Sometimes women experience a feeling of bladder pressure, an urge to urinate or even physical pain as a result of sexual intercourse, according to both the Family Doctor and the Net Doctor websites. While not every bladder problem, including those related to sexual activity, is entirely preventable, learning the basics of hygiene and when to visit a doctor for help is key toward protecting a woman’s fertility and overall sexual health.
Some women feel like they’re going to urinate during intercourse but don’t really have a bladder problem, according to the Net Doctor website. When the G-spot is stimulated, some women feel the urge to pee, but it’s really a form of arousal that sometimes also releases sexual fluid; if a woman releases such fluid as a result of intercourse, she may not have actually urinated but instead experienced the phenomenon sometimes dubbed “female ejaculation.” However, pain does not usually accompany this sexual response.
If you suffer from back pain, chills or fever with bladder pain, you may have a potentially serious kidney infection, according to the Teens Health website. An inability to pass urine despite an urge to do so also usually requires prompt medical help.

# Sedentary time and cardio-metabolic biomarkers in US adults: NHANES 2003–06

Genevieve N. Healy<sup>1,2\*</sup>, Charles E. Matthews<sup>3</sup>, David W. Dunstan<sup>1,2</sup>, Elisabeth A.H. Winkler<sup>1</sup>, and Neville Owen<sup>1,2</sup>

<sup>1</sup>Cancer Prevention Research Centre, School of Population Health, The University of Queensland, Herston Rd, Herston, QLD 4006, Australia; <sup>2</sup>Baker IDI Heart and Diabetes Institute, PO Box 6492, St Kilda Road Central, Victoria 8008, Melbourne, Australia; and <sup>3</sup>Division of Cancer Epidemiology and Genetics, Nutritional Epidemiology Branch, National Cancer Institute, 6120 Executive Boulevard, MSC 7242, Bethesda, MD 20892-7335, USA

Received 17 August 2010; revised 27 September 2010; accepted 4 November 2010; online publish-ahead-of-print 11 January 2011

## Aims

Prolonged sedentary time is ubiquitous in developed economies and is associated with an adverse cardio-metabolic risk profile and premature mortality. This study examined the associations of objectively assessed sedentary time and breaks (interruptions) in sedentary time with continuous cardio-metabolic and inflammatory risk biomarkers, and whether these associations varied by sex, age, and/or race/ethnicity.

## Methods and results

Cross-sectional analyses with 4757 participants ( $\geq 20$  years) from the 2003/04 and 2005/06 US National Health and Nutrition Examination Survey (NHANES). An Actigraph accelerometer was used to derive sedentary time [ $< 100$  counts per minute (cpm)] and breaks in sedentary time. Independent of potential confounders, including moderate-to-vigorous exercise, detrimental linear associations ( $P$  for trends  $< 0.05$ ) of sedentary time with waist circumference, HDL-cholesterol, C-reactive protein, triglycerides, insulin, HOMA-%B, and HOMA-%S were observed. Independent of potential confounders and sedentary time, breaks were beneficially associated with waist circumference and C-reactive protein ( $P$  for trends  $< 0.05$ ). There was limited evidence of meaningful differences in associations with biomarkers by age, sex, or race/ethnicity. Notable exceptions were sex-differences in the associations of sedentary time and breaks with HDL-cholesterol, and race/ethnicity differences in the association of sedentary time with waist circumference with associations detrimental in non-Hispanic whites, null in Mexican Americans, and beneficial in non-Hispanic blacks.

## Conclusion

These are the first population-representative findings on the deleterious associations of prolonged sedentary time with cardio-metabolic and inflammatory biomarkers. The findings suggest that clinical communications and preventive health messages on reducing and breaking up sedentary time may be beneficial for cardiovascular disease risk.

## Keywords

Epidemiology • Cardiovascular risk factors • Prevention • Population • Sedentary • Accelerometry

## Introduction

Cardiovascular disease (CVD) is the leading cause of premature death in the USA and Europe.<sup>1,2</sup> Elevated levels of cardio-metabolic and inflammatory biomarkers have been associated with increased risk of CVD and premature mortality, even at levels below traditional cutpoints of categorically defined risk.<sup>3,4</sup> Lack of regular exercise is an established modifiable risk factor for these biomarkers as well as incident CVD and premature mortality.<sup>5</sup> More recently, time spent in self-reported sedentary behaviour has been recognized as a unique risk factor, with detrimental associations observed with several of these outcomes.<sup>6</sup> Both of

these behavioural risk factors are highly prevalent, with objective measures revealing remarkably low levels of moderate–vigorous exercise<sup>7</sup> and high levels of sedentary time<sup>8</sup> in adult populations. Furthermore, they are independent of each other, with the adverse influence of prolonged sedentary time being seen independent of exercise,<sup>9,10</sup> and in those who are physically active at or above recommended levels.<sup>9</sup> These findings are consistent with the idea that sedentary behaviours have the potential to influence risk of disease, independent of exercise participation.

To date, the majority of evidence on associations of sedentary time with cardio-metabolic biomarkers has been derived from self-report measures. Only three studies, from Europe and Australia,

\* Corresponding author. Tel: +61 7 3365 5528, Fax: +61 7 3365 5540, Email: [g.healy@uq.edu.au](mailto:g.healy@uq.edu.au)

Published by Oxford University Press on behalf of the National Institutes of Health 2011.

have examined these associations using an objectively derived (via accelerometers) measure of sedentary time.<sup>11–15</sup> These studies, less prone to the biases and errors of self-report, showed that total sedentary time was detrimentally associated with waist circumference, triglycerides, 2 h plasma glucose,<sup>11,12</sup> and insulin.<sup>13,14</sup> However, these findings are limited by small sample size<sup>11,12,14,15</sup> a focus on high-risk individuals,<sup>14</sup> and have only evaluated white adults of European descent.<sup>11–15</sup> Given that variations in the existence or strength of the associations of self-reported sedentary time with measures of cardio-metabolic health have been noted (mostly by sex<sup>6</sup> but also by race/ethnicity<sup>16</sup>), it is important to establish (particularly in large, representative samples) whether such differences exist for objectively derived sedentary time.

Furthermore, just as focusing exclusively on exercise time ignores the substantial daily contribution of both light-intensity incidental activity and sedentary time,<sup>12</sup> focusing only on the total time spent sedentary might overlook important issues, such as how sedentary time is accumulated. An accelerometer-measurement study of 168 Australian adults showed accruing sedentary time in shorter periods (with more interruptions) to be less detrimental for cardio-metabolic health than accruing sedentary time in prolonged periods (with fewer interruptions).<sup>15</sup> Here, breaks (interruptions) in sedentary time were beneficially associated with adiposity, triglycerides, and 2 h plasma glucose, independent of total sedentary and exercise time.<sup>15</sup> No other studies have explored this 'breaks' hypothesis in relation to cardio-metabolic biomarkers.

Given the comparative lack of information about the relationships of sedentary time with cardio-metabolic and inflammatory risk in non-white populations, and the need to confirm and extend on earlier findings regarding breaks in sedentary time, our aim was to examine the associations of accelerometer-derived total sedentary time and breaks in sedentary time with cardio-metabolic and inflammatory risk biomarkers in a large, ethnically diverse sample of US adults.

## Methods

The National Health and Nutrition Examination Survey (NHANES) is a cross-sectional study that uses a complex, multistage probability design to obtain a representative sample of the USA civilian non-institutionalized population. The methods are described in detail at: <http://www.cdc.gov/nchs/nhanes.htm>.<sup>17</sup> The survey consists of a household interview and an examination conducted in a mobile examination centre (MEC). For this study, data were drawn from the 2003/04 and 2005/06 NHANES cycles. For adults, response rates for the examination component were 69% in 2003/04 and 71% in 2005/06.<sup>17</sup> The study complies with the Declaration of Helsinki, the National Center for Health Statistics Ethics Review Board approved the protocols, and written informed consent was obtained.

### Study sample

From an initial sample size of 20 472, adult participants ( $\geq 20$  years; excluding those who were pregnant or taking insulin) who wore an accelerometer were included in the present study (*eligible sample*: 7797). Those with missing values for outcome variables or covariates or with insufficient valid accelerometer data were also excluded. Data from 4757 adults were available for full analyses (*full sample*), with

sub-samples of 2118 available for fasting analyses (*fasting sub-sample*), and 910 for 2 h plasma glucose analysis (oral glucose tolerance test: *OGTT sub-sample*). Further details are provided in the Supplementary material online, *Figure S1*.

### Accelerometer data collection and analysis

Other Potential Causes
Urinary tract infections can cause bladder pain throughout a woman’s day, not just during sexual intercourse, according to the Family Doctor website. Whenever bacteria is introduced into the urinary tract, whether through intercourse or improper bathroom wiping habits, an infection can result. Sexually transmitted diseases like chlamydia are a less common, but still possible, cause of bladder problems, warns the Teens Health website. Untreated STDs can cause infertility and in some cases even death.
Urinating before sexual activity can go a long way toward preventing painful bladder issues related to intercourse, notes the Net Doctor website. Sometimes, changing sexual positions can also prevent unwanted bladder pain. Using plenty of lubricant can also make intercourse less likely to cause bladder pain. Washing the genitals after sexual activity can also help prevent urinary tract infections; this method is not a form of pregnancy or sexually transmitted disease prevention, warns the Teens Health website. Using condoms is the best way, besides abstaining from sex, to prevent STDs.
Most cases of bladder pain, especially related to sex, require a doctor’s examination to rule out potentially serious infections, notes the Net Doctor website. Antibiotics and ointments are used to treat most infections, whether due to pelvic inflammatory disease or a urinary tract infection, if they are caught early enough, according to the Teens Health website.
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